-- Put that GPS away! --

  Recently on the newsgroup rec.aviation.student more than one person was saying "Gee I'll NEVER fly without my GPS ever". So what's the problem? Well, first, I'll say from which angle I'm coming from. First off, I'm not a Luddite in any shape or form. I love technology. I derive great pleasure from my work as a software developer and I like having the latest computer on my desk. I enjoy hacking up my web pages using the Vim text editor. I also think that handheld GPS receivers are truly excellent value. So why the rant? Well I've discovered that there are too many people out there who are totally dependent on electronic naviads and are so frightened of getting lost they won't ever leave the ground without their GPS. The "never leave home without the GPS" group IMHO don't know how to navigate even if they claim to use GPS only as a backup to their chart and eyeball. I'll explain why. Of course, IFR is a completely different kettle of fish, and I'm not instrument rated yet, so I won't comment on IFR navigation. I'm ranting here purely about VFR navigation.

  It all started when I flew the Musketeer on a student cross country. I flew one leg on VOR's. One leg on GPS, and the final leg (which I was worried about) on DR/pilotage. You know what? I had about ten times more fun on that last leg and learned ten times as much about air navigation. Since then I have done many cross countries using nothing but Mk I eyeball, a sectional chart and a clock. I discovered that this is the fun way to do a VFR trip; it has challenge to it.

  After discovering this, I've been getting frustrated with the amount of people who say "Oh yes, I'm doing DR and pilotage, the GPS turned on and within easy viewing reach is just for confimration. Really! Honest guv'nor!"
Well I got news for you buddy! This is exactly what I used to say. It's wrong. Navigating this way is using the GPS (or other electronic navaids) as a crutch. It took me a few flights after that discovery of mine in the Musketeer to get really proficient at pilotage and DR.

  Someone on the newsgroup related learning to do pilotage/DR whilst having a GPS handy is like teaching first-year students arithmetic with a calculator as a backup - they use it as a crutch and don't learn arithmetic at all properly. I agree with her, she's absolutely right. One of the "never leave home without the GPS" people retorted with a post practically making it look like suicide for student pilot to go out on a pilotage/DR trip without a GPS or any navaids. What complete and utter nonsense! A good instructor would have taught pilotage/DR well enough that the trip was never really in doubt. A good instructor will also teach a student that if he or she gets lost to do the three C's. Control (ie fly the airplane), Climb and Confess. Climbing gives better radio coverage. Confess means either call Mayday on 121.5 if it's desperate, or at the minimum contact ATC for vectors or the FSS for a DF steer. Half the problem with the GPS crowd is that their instructors allowed them (or either the GPS'ers didn't tell their instructors) to use the GPS on their cross countries. They never actually learned pilotage/DR at all.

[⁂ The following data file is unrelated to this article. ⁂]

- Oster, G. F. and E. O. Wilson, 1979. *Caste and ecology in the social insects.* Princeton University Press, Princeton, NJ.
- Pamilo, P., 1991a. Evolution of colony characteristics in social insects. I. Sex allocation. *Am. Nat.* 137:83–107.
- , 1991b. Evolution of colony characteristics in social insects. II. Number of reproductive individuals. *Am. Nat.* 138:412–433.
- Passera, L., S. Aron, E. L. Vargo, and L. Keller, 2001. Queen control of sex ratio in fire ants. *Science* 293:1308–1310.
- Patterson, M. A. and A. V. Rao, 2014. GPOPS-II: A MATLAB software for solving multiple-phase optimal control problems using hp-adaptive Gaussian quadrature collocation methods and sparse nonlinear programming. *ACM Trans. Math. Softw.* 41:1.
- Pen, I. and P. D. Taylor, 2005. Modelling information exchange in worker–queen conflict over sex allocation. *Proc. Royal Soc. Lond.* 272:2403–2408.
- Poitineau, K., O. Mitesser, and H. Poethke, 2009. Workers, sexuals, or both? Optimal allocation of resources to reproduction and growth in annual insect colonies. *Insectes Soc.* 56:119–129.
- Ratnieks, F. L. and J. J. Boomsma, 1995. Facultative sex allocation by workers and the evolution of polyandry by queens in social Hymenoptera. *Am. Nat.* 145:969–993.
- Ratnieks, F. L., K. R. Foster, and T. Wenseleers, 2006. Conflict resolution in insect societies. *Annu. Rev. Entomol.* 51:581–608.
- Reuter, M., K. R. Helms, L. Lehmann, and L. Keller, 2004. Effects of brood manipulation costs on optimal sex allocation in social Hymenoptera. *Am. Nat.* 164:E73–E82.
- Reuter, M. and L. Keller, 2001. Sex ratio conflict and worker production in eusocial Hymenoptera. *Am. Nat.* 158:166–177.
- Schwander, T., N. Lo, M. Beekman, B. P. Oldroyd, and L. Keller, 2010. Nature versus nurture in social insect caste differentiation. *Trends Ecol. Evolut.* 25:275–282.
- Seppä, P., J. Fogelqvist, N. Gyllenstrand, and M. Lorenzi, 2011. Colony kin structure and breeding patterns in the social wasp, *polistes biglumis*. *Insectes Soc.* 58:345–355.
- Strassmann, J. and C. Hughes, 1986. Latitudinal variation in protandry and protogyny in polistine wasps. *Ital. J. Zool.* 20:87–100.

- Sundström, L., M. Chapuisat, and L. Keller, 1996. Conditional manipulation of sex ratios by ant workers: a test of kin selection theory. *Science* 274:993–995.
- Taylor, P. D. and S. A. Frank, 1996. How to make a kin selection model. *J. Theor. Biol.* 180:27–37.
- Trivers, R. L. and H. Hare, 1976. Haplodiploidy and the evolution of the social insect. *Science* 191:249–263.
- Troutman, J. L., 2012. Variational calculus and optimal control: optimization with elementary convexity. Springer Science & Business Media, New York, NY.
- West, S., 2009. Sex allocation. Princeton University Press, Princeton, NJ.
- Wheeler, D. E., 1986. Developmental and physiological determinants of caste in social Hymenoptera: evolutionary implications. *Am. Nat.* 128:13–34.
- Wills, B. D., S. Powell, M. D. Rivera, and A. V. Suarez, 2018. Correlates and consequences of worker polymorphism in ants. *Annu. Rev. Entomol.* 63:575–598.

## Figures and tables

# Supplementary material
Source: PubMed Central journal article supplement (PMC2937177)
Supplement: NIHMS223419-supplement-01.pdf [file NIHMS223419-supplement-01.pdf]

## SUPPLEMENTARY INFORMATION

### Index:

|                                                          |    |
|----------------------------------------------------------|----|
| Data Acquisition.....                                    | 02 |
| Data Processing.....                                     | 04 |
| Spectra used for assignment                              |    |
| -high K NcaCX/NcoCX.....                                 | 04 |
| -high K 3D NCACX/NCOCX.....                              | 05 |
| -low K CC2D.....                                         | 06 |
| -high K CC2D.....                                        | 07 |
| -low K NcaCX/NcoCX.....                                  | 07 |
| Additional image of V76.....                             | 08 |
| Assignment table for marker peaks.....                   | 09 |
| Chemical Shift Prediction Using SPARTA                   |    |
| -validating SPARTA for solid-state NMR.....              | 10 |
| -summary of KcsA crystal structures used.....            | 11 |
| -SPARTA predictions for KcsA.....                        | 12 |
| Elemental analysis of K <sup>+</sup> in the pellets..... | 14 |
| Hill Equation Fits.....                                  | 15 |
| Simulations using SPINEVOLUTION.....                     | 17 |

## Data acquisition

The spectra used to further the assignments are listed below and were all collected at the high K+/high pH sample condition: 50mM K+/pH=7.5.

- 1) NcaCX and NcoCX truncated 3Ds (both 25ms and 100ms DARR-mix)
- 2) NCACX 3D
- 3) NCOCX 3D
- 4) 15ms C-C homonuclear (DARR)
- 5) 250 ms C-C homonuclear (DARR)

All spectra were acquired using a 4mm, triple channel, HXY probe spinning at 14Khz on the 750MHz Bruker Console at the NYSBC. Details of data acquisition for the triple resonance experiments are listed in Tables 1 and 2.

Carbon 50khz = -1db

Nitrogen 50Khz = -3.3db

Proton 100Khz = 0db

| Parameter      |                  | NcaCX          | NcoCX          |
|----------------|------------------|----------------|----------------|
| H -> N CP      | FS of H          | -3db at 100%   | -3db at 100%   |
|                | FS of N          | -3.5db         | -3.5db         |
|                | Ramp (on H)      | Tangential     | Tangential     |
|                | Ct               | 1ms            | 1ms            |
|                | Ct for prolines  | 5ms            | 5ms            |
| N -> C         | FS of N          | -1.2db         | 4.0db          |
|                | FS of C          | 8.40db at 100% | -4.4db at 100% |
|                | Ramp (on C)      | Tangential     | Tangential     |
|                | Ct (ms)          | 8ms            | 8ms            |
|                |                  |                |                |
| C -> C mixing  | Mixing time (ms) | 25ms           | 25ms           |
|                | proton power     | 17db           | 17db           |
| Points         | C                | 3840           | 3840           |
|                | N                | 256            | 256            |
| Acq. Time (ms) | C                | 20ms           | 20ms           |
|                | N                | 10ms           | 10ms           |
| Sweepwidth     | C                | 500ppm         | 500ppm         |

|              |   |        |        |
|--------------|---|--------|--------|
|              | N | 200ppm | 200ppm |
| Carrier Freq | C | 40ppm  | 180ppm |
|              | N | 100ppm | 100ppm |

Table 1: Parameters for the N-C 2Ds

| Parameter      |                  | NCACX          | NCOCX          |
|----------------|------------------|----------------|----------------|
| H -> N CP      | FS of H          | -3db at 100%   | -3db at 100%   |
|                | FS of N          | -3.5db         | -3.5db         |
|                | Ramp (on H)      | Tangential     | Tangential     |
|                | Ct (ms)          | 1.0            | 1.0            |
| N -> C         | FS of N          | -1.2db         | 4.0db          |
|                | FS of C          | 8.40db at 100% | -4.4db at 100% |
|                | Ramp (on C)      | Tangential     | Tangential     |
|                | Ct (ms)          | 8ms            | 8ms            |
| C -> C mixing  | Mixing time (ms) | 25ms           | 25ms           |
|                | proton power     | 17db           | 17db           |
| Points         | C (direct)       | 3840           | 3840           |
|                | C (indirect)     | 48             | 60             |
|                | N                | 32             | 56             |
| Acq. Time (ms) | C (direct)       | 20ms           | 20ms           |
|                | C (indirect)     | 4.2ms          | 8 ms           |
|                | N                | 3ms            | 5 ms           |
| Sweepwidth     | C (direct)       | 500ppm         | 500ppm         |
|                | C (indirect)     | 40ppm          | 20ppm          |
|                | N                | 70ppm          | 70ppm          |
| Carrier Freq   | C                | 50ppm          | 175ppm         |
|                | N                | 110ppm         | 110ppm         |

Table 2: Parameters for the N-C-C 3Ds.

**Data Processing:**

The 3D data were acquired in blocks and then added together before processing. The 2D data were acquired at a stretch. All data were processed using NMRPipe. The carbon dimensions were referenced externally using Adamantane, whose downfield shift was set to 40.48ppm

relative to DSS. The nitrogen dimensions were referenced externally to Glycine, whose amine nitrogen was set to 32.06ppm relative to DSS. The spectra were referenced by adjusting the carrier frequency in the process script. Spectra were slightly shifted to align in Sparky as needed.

If you are in the GPS-always camp, you have no idea what you're missing. I get a feeling of deep satisfaction when I navigate on my own initiative, not being directed by an electronic navaid, and arrive with minimum course deviation. To me, navigation is one of the most fun parts of flying - and you're missing out (not to mention leaving yourself in the lurch if that GPS actually quits) if you don't do it. I intend to fly the Club's 170 from here in SE Texas to Illinois in May by pilotage/DR for the Pinckneyville Flyin. It promises to be lots of fun - fun that people who rely on electronic nav gear would miss!

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